This much is clear about the Battle of the Bulge and a small town in Belgium named Malmedy – Nazi SS troops slaughtered 100 or more American soldiers there who were their prisoners.
At a trial after the war, there were questions raised (by the Germans) about whether some of the American prisoners had picked up rifles they threw to the ground when they surrendered and resumed fighting. That story is obscured by the aforementioned fog but what is very clear is that a massacre took place of 100 Americans.
This all happened in winter; the fallen bodies froze; and forensic study of the preserved bodies confirmed they had been cut down in groups by machine gun fire and many bodies showed a single shot to the head at close range, evidence they had been shot again after they fell to be sure they were dead — double executions in the thorough style of Germany’s well-trained army.
Reports about the Malmedy massacre spread like wildfire through the U.S. Army. One unit’s commander ordered his men not to take Germans prisoners though whether that order was followed is unclear to me.
About six months after the Battle of the Bulge and just after the Germans had surrendered, I was sent to a hospital from my Combat Engineers Battalion because I had a fever and swollen glands. A few aspirin and a short stay in the hospital later, I was sent back to my unit through the Army’s Replacement Depot procedure. You were trucked to a “Repple Depple” closest to the hospital, then to another until you were very close to your unit’s location. Then your unit sent a Jeep to pick you up.
The succession of movements between Repple Depples took more time than my stay in the hospital and became an opportunity to go to Paris for a short visit without anyone’s permission.
It was also a time when I heard a story that I have read about nowhere else involving retaliation for the Malmedy Massacre. At a Repple Depple, I bumped into a solder who looked familiar. It turned out we recognized each other as having been fellow students at the Bronx High School of Science. He might have been a year ahead of me and was a paratrooper with one of the well known Airborne divisions.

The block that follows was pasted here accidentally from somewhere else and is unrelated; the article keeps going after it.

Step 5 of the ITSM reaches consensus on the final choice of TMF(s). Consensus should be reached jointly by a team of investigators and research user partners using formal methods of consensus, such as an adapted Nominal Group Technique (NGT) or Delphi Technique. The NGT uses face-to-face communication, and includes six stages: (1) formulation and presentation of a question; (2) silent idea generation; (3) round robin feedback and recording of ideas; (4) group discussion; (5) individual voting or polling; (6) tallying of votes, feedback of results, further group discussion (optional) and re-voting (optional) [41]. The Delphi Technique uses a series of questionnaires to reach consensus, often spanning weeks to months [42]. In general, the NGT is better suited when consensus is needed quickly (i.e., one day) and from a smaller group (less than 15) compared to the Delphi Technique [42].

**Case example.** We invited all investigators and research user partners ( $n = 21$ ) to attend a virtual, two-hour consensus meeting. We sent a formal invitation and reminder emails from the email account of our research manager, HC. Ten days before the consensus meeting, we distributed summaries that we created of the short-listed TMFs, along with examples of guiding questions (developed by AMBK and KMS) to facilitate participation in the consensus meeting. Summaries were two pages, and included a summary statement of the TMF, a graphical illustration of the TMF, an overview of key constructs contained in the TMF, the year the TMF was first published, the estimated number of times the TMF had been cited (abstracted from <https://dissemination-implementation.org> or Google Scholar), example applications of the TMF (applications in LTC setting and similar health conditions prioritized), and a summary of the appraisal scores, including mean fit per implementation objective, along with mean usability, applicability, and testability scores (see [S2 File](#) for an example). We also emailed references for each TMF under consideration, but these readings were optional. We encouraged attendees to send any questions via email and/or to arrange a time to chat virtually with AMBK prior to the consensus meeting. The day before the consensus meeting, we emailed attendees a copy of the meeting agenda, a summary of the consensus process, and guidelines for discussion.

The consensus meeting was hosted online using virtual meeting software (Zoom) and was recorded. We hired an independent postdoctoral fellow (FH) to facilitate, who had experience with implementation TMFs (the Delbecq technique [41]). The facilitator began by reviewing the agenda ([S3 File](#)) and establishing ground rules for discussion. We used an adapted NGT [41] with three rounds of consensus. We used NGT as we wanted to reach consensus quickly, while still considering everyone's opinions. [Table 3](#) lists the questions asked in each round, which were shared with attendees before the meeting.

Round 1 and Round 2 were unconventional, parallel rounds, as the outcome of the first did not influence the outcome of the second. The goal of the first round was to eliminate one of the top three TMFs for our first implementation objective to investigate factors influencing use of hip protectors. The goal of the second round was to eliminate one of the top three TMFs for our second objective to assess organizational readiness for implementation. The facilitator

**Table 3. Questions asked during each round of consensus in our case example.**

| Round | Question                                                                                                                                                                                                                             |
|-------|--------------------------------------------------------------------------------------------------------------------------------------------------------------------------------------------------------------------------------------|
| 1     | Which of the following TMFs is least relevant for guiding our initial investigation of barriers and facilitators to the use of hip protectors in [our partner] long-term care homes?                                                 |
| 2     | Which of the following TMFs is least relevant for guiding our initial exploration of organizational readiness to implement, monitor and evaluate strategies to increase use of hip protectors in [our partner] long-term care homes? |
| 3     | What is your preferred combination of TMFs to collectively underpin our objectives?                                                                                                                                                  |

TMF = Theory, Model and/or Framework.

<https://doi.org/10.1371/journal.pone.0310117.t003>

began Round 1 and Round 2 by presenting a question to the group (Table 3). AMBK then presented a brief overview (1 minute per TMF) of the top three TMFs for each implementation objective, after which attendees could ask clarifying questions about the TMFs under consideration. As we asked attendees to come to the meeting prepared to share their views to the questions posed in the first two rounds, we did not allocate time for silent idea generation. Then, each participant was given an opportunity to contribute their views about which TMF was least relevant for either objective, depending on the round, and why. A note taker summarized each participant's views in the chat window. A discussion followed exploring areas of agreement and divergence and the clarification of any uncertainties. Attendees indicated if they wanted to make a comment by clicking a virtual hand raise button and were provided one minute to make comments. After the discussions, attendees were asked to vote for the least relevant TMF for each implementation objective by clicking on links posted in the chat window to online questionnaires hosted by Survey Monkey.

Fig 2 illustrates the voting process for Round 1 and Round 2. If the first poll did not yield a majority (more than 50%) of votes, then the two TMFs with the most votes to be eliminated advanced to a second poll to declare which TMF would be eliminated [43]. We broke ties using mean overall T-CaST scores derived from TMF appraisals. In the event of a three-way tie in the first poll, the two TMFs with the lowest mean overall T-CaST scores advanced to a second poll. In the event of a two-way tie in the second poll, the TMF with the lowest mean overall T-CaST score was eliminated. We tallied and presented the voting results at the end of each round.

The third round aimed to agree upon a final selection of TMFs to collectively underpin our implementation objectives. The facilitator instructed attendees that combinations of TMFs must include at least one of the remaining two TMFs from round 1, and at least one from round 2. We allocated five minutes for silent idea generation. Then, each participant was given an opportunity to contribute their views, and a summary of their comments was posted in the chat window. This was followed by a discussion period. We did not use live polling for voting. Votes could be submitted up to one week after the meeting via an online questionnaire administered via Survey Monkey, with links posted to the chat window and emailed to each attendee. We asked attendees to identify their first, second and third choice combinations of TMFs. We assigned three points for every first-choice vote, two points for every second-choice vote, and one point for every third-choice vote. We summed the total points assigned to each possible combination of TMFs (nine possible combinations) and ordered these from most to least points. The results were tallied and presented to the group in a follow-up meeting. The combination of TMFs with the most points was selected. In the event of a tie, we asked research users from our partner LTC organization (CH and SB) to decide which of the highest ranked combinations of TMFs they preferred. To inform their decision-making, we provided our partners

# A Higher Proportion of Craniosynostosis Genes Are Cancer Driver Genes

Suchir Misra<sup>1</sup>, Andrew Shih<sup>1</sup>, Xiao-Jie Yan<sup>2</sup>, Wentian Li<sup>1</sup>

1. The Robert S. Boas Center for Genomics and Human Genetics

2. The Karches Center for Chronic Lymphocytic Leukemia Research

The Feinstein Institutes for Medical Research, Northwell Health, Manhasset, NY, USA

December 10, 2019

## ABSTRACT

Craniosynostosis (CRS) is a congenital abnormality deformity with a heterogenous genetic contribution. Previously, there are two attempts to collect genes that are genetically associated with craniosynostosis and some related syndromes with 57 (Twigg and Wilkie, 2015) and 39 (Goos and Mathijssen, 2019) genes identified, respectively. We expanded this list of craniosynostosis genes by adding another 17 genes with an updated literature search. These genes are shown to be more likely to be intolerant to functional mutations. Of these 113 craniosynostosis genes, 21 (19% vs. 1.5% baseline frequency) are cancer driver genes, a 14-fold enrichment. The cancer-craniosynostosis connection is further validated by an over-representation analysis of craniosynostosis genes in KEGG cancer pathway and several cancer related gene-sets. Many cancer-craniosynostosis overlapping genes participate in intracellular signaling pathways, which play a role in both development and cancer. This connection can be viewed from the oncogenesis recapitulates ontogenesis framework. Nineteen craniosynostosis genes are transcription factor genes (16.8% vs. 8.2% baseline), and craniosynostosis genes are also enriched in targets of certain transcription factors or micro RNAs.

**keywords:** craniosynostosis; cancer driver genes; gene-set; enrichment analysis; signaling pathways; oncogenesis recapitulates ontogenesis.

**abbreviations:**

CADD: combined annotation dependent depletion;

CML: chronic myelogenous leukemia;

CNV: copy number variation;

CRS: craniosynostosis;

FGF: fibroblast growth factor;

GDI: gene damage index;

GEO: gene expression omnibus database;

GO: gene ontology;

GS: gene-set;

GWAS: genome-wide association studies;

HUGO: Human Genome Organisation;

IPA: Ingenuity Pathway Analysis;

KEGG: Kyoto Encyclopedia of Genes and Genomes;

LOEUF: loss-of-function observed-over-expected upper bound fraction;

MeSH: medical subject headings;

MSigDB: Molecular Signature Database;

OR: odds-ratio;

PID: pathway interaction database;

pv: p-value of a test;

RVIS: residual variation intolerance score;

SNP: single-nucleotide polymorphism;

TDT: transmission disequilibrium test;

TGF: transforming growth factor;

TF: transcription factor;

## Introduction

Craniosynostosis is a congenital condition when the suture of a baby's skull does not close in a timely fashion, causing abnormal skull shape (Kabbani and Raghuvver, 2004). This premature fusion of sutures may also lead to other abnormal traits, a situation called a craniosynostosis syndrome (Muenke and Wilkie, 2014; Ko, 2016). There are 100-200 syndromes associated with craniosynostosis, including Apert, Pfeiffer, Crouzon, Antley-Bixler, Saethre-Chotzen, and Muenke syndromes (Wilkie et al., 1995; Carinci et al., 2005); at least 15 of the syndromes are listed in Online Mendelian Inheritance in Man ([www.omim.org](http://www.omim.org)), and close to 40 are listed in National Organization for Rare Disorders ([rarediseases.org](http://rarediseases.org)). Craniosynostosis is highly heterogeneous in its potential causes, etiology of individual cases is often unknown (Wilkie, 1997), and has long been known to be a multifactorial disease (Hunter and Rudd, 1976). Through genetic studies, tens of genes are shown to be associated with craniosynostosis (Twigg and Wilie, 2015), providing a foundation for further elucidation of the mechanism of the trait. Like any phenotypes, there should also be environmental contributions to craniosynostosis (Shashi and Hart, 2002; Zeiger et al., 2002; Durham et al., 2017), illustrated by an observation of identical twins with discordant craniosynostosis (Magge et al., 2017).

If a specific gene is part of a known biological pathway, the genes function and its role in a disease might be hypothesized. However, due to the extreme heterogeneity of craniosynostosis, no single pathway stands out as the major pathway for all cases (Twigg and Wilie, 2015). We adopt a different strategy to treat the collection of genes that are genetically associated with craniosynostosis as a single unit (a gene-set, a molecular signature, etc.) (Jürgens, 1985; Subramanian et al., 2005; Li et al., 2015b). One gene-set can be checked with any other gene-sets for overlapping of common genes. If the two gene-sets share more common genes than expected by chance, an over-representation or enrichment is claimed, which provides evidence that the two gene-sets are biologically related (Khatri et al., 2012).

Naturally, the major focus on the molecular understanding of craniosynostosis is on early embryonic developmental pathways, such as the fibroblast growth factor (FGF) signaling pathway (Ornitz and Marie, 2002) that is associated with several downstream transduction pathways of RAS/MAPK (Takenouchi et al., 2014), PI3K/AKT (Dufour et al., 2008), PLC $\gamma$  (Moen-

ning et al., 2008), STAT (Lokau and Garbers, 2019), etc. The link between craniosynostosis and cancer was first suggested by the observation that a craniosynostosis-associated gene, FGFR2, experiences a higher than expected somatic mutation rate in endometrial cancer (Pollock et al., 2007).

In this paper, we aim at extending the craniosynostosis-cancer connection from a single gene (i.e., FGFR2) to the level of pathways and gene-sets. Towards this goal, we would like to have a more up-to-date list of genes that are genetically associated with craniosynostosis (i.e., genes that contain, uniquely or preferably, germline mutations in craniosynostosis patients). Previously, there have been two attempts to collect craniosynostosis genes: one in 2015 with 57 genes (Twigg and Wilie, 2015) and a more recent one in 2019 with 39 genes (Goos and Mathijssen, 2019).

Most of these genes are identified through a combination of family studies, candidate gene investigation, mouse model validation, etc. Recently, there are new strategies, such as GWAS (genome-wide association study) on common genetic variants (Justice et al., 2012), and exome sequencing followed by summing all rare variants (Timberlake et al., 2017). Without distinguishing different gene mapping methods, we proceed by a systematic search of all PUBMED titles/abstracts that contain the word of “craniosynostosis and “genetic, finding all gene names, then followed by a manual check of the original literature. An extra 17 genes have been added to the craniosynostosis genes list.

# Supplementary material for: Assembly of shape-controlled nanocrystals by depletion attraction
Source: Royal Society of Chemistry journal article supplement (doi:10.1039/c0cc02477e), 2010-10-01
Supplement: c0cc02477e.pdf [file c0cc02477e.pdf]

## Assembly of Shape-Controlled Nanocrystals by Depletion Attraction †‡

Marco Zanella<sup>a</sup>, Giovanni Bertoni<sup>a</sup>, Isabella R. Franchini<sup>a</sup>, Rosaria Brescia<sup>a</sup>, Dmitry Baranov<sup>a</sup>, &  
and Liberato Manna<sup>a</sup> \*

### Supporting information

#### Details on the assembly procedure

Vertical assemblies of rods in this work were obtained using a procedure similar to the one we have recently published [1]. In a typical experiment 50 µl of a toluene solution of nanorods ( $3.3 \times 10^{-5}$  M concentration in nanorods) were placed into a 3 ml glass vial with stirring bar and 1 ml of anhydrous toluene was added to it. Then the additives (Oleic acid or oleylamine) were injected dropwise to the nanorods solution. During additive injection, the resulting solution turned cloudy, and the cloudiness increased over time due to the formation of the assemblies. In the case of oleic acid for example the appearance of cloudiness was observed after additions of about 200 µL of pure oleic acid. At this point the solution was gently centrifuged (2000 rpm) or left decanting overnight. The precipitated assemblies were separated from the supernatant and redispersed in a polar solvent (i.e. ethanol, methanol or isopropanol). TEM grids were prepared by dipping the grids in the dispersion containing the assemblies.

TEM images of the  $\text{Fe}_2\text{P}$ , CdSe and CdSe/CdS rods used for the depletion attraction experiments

He told me that after news spread about Malmedy during the Battle of the Bulge, he and others in his unit captured a group of SS men and took them to a cave where they slaughtered them, in retaliation for Malmedy.
Whether the story was true or not, I never found out. We went in different directions; he was leaving to return to his unit that day. I don’t remember his name and I never saw him again.
Was he boasting? Was it a story made up to show the paratroops were tough? I don’t know. I know the SS slaughtered American soldiers. I know the anger that aroused. But marching an enemy unit into a cave to kill them? Perhaps that’s hard to believe about Americans.
But my gut says the story is true. It’s a reality that may balance some of the levity I project in my blog posts about evading Army rules to have fun after the fighting ended.
It’s a reminder.
War is about killing and maybe about how a kid from a highly civilized school can decide that murder in the dark of a cave is justified.